Reserve Bank of Australia Revives the Ghost of Inflation Past

After the Reserve Bank of Australia (RBA) decided to leave its interest rates unchanged last month, the Australian dollar sold off for a week against the U.S. dollar. The decline reversed the small rally leading into the decision on monetary policy. AUD/USD enjoyed a small rebound going into the May decision on monetary policy and then jumped after the RBA threw markets for a loop by hiking interest rates again. More importantly, the RBA quickly revived the ghost of inflation past. The RBA undermined any assumptions that it would be content to watch inflation try to guide itself from 7% down to the 2% to 3% target range. The previous pause in rate hikes did not seal the deal on the fight against inflation.

The 15-minute chart of AUD/USD shows how traders rushed to buy in the wake of a surprise rate hike. The enthusiasm peaked within 3 hours. (Source: TradingView)

The RBA acknowledged that “inflation in Australia has passed its peak.” However, inflation at 7% is too high and “…while the recent data showed a welcome decline in inflation, the central forecast remains that it takes a couple of years before inflation returns to the top of the target range.” This inflation horizon means the RBA could intermittently hike rates for quite some time as it scours the landscape for smoldering embers of inflation.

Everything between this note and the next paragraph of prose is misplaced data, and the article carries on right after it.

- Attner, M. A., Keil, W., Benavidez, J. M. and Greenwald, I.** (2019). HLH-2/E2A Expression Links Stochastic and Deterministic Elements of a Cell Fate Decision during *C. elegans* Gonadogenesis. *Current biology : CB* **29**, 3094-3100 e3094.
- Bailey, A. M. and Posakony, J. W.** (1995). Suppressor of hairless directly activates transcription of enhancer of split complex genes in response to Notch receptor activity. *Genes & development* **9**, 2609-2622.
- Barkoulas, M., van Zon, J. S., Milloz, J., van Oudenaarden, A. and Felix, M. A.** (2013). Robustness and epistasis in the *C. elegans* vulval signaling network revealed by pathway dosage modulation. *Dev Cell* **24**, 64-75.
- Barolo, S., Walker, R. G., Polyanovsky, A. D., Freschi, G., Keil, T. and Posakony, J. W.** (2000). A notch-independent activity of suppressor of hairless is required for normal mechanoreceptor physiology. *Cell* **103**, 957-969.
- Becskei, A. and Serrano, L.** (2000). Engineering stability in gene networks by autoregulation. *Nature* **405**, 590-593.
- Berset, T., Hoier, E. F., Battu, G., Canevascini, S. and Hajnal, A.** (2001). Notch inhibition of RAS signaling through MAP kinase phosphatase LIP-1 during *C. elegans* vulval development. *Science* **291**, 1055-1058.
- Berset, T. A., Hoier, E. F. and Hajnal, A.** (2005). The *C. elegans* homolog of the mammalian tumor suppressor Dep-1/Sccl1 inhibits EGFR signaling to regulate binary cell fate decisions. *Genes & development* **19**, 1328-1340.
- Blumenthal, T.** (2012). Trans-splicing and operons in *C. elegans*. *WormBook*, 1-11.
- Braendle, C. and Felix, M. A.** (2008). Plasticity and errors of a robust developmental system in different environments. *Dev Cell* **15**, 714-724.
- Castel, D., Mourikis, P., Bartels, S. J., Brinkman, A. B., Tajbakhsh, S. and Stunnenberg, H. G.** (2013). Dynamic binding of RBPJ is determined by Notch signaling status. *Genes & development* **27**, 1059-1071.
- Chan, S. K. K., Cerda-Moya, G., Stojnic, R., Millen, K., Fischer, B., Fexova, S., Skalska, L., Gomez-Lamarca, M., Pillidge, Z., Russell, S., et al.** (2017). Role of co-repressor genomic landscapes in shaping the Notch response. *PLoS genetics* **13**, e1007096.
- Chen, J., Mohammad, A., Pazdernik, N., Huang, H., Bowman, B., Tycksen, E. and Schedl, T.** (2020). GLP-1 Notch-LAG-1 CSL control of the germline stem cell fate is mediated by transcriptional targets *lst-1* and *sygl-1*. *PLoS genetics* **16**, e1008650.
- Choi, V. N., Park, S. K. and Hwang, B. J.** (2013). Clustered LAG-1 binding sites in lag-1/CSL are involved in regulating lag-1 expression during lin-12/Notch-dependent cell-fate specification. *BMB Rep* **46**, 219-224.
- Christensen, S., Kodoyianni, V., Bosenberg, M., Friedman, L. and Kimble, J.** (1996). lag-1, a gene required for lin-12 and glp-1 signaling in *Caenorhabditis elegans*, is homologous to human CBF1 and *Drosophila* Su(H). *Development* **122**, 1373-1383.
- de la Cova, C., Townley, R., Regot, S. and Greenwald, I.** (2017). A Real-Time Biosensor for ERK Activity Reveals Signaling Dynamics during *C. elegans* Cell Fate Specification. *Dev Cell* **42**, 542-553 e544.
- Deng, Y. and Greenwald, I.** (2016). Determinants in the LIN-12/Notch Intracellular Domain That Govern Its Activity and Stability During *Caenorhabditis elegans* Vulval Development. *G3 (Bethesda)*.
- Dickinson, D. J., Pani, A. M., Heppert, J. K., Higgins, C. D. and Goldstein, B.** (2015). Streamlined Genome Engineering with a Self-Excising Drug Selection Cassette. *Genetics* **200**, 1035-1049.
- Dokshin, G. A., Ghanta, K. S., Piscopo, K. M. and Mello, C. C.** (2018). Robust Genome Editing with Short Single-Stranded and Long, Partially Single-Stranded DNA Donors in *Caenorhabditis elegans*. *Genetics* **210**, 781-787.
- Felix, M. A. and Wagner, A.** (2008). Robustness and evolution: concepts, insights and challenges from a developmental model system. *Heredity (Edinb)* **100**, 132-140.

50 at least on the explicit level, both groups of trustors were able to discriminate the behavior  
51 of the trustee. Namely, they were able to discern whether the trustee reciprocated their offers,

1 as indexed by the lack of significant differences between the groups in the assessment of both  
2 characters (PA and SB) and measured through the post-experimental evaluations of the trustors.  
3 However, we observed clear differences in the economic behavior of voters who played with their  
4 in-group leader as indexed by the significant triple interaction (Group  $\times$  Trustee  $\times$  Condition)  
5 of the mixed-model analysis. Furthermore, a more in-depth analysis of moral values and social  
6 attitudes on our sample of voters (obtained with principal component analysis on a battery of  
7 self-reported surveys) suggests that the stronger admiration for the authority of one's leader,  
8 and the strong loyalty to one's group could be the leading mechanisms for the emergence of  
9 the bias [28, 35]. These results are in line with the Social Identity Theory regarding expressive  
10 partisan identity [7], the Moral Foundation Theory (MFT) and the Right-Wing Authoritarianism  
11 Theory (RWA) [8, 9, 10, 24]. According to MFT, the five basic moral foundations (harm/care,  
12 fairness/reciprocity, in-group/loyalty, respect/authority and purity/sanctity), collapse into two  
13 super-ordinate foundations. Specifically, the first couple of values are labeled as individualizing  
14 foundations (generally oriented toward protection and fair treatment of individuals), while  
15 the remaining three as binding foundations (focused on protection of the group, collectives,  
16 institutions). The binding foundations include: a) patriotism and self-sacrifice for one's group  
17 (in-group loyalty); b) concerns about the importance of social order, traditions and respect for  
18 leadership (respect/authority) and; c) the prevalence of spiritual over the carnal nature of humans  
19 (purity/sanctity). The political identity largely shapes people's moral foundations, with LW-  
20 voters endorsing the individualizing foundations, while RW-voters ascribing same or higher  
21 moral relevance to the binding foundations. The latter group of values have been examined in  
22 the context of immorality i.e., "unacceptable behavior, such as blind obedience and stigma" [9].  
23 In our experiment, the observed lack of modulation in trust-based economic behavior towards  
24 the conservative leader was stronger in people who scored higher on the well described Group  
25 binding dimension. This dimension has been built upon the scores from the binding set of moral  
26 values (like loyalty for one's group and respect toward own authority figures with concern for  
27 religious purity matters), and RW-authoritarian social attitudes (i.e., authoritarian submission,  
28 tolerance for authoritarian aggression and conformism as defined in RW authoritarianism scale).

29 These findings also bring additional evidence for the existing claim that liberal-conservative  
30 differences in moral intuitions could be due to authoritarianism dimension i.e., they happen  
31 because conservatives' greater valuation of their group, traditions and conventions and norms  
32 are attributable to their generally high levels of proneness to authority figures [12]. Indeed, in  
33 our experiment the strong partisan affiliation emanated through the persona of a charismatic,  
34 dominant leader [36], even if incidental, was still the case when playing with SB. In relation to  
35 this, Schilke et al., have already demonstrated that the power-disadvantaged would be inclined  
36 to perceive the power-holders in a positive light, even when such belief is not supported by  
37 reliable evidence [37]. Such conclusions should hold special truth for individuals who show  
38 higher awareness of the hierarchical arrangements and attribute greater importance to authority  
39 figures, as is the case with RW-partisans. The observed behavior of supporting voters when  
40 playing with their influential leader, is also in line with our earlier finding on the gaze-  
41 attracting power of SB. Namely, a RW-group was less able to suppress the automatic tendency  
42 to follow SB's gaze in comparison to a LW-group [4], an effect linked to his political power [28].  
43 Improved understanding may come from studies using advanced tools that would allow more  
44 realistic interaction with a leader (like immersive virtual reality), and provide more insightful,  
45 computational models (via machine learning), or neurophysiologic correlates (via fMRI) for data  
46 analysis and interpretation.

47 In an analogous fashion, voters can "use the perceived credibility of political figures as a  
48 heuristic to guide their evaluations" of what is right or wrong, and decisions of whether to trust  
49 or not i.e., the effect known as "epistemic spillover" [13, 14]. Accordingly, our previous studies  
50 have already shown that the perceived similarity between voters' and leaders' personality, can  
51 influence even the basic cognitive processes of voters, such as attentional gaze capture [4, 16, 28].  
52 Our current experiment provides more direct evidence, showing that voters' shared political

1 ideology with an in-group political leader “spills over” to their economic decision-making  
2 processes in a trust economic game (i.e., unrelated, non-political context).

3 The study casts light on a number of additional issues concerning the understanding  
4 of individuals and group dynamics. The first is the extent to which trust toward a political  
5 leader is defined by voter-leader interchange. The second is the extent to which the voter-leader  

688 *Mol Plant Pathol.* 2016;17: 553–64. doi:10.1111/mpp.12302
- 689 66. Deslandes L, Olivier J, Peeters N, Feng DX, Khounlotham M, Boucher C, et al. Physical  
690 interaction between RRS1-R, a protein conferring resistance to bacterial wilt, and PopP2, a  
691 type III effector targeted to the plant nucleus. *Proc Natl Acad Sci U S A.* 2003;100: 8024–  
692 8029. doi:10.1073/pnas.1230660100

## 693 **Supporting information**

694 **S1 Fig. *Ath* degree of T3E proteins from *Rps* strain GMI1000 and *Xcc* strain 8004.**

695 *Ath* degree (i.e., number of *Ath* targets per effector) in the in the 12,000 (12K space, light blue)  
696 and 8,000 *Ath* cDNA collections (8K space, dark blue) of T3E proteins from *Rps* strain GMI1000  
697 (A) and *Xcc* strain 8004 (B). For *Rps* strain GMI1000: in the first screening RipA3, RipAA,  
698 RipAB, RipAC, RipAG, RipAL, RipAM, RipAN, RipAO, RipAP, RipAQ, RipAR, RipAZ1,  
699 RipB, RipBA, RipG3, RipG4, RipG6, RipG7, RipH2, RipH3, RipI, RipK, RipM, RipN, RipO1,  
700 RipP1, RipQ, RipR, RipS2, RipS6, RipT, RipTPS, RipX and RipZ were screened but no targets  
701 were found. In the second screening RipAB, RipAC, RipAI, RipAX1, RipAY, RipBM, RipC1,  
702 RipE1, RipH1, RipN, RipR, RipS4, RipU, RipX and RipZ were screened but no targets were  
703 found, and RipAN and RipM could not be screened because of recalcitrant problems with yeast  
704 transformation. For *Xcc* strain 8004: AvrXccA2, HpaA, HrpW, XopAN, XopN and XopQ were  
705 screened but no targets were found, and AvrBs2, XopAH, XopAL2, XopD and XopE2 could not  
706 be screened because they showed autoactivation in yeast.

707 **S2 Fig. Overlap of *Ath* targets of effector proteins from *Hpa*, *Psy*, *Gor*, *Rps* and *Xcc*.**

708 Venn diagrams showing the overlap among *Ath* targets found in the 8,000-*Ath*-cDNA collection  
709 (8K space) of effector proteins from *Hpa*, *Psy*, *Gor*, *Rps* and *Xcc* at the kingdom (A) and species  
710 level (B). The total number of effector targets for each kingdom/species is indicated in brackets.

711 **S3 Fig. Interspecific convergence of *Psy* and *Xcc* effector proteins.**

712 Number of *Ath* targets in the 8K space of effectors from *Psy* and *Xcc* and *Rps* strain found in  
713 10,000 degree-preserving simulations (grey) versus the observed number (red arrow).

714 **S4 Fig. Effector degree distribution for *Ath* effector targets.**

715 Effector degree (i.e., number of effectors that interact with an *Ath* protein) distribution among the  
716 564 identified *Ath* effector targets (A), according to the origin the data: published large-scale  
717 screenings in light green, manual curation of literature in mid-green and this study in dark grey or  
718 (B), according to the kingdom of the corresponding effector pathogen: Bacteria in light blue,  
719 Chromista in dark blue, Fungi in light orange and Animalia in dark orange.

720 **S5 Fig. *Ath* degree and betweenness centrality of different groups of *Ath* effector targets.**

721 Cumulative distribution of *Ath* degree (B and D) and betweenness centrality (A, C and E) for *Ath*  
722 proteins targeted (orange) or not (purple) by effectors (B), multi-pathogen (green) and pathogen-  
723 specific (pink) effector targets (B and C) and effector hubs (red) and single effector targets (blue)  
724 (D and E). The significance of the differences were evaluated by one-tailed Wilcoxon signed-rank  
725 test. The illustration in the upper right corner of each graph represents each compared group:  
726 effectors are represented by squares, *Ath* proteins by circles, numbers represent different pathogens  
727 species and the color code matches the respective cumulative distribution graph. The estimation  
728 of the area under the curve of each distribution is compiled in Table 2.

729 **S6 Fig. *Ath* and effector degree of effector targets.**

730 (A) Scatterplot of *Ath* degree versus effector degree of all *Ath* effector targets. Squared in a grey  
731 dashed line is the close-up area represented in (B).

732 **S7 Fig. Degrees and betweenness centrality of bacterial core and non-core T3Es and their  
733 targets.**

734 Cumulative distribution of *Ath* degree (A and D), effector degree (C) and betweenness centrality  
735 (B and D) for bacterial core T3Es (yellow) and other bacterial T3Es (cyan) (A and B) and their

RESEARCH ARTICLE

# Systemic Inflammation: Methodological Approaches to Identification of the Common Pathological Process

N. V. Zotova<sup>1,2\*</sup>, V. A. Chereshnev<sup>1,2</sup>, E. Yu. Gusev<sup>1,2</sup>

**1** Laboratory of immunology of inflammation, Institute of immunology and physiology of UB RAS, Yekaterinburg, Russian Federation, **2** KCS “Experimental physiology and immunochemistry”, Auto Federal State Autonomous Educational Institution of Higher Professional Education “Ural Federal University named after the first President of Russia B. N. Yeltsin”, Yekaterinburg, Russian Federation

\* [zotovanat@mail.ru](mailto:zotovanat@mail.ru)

The current problem is in services price inflation. The U.S. also faces this challenge. Indeed, he RBA referenced global commonality in explaining the sources of stubborn highly inflation (emphasis mine):

“Goods price inflation is clearly slowing due to a better balance of supply and demand following the resolution of the pandemic disruptions. But services price inflation is still very high and broadly based and the experience overseas points to upside risks. Unit labour costs are also rising briskly, with productivity growth remaining subdued…Wages growth has picked up in response to the tight labour market and high inflation.”

The RBA further explained that the rate hike should firmly anchor medium-term inflation expectations. Tightening monetary policy is acting like an insurance policy against higher inflation expectations contributing “to larger increases in both prices and wages, especially given the limited spare capacity in the economy and the historically low rate of unemployment.” Unemployment in Australia remains at a 50-year low. Thus, the RBA has plenty of room to continue tightening as needed…at least for now. The RBA acknowledged the challenge ahead in avoiding a recession while it tightens monetary policy:  “the path to achieving a soft landing remains a narrow one.”

The RBA concluded the May statement on monetary policy just as it ended the previous statement: “some further tightening of monetary policy may be required to ensure that inflation returns to target in a reasonable timeframe, but that will depend upon how the economy and inflation evolve.” In other words, the market will need to stay on its toes.

The Trade

The intraday surge in AUD/USD was not enough to punch the currency pair through important resistance on the daily level. AUD/USD remains trapped underneath resistance from all three major trendlines: the 20-day moving average (DMA) (dashed line), 50DMA (red line), and the 200DMA (blue line). Thus, I am neutral on AUD/USD until at least after I see how the market responds to the Federal Reserve’s turn to announce monetary policy.